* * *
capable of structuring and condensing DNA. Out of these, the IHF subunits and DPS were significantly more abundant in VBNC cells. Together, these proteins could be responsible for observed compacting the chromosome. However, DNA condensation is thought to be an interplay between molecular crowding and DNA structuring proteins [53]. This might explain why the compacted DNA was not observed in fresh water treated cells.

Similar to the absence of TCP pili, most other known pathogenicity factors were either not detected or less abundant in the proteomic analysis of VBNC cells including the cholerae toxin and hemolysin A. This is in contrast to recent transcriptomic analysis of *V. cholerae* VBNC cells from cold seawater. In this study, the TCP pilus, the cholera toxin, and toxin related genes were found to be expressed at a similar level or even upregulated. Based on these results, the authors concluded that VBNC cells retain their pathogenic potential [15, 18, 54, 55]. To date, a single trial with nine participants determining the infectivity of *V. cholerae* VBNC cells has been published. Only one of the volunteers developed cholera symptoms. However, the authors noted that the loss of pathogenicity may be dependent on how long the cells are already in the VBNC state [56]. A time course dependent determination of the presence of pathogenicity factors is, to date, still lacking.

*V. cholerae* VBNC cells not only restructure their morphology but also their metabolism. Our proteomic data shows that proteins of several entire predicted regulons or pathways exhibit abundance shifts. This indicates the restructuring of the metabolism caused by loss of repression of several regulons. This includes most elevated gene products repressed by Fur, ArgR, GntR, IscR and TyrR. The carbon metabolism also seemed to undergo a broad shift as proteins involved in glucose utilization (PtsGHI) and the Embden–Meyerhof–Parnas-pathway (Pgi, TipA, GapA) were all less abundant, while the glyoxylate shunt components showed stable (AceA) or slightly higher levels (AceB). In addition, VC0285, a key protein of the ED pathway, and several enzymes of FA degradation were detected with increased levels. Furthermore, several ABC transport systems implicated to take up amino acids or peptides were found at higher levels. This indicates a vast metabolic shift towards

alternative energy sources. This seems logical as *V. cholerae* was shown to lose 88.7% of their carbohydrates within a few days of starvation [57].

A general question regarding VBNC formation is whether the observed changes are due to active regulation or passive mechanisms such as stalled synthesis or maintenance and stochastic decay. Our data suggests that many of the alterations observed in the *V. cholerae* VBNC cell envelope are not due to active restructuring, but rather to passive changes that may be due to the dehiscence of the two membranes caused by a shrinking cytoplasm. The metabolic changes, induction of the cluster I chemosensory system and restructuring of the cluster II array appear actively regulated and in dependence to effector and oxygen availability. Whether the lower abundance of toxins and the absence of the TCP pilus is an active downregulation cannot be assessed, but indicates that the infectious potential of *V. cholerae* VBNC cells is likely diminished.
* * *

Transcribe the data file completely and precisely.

capable of structuring and condensing DNA. Out of these, the IHF subunits and DPS were significantly more abundant in VBNC cells. Together, these proteins could be responsible for observed compacting the chromosome. However, DNA condensation is thought to be an interplay between molecular crowding and DNA structuring proteins [53]. This might explain why the compacted DNA was not observed in fresh water treated cells.

Similar to the absence of TCP pili, most other known pathogenicity factors were either not detected or less abundant in the proteomic analysis of VBNC cells including the cholerae toxin and hemolysin A. This is in contrast to recent transcriptomic analysis of *V. cholerae* VBNC cells from cold seawater. In this study, the TCP pilus, the cholera toxin, and toxin related genes were found to be expressed at a similar level or even upregulated. Based on these results, the authors concluded that VBNC cells retain their pathogenic potential [15, 18, 54, 55]. To date, a single trial with nine participants determining the infectivity of *V. cholerae* VBNC cells has been published. Only one of the volunteers developed cholera symptoms. However, the authors noted that the loss of pathogenicity may be dependent on how long the cells are already in the VBNC state [56]. A time course dependent determination of the presence of pathogenicity factors is, to date, still lacking.

*V. cholerae* VBNC cells not only restructure their morphology but also their metabolism. Our proteomic data shows that proteins of several entire predicted regulons or pathways exhibit abundance shifts. This indicates the restructuring of the metabolism caused by loss of repression of several regulons. This includes most elevated gene products repressed by Fur, ArgR, GntR, IscR and TyrR. The carbon metabolism also seemed to undergo a broad shift as proteins involved in glucose utilization (PtsGHI) and the Embden–Meyerhof–Parnas-pathway (Pgi, TipA, GapA) were all less abundant, while the glyoxylate shunt components showed stable (AceA) or slightly higher levels (AceB). In addition, VC0285, a key protein of the ED pathway, and several enzymes of FA degradation were detected with increased levels. Furthermore, several ABC transport systems implicated to take up amino acids or peptides were found at higher levels. This indicates a vast metabolic shift towards

alternative energy sources. This seems logical as *V. cholerae* was shown to lose 88.7% of their carbohydrates within a few days of starvation [57].

A general question regarding VBNC formation is whether the observed changes are due to active regulation or passive mechanisms such as stalled synthesis or maintenance and stochastic decay. Our data suggests that many of the alterations observed in the *V. cholerae* VBNC cell envelope are not due to active restructuring, but rather to passive changes that may be due to the dehiscence of the two membranes caused by a shrinking cytoplasm. The metabolic changes, induction of the cluster I chemosensory system and restructuring of the cluster II array appear actively regulated and in dependence to effector and oxygen availability. Whether the lower abundance of toxins and the absence of the TCP pilus is an active downregulation cannot be assessed, but indicates that the infectious potential of *V. cholerae* VBNC cells is likely diminished.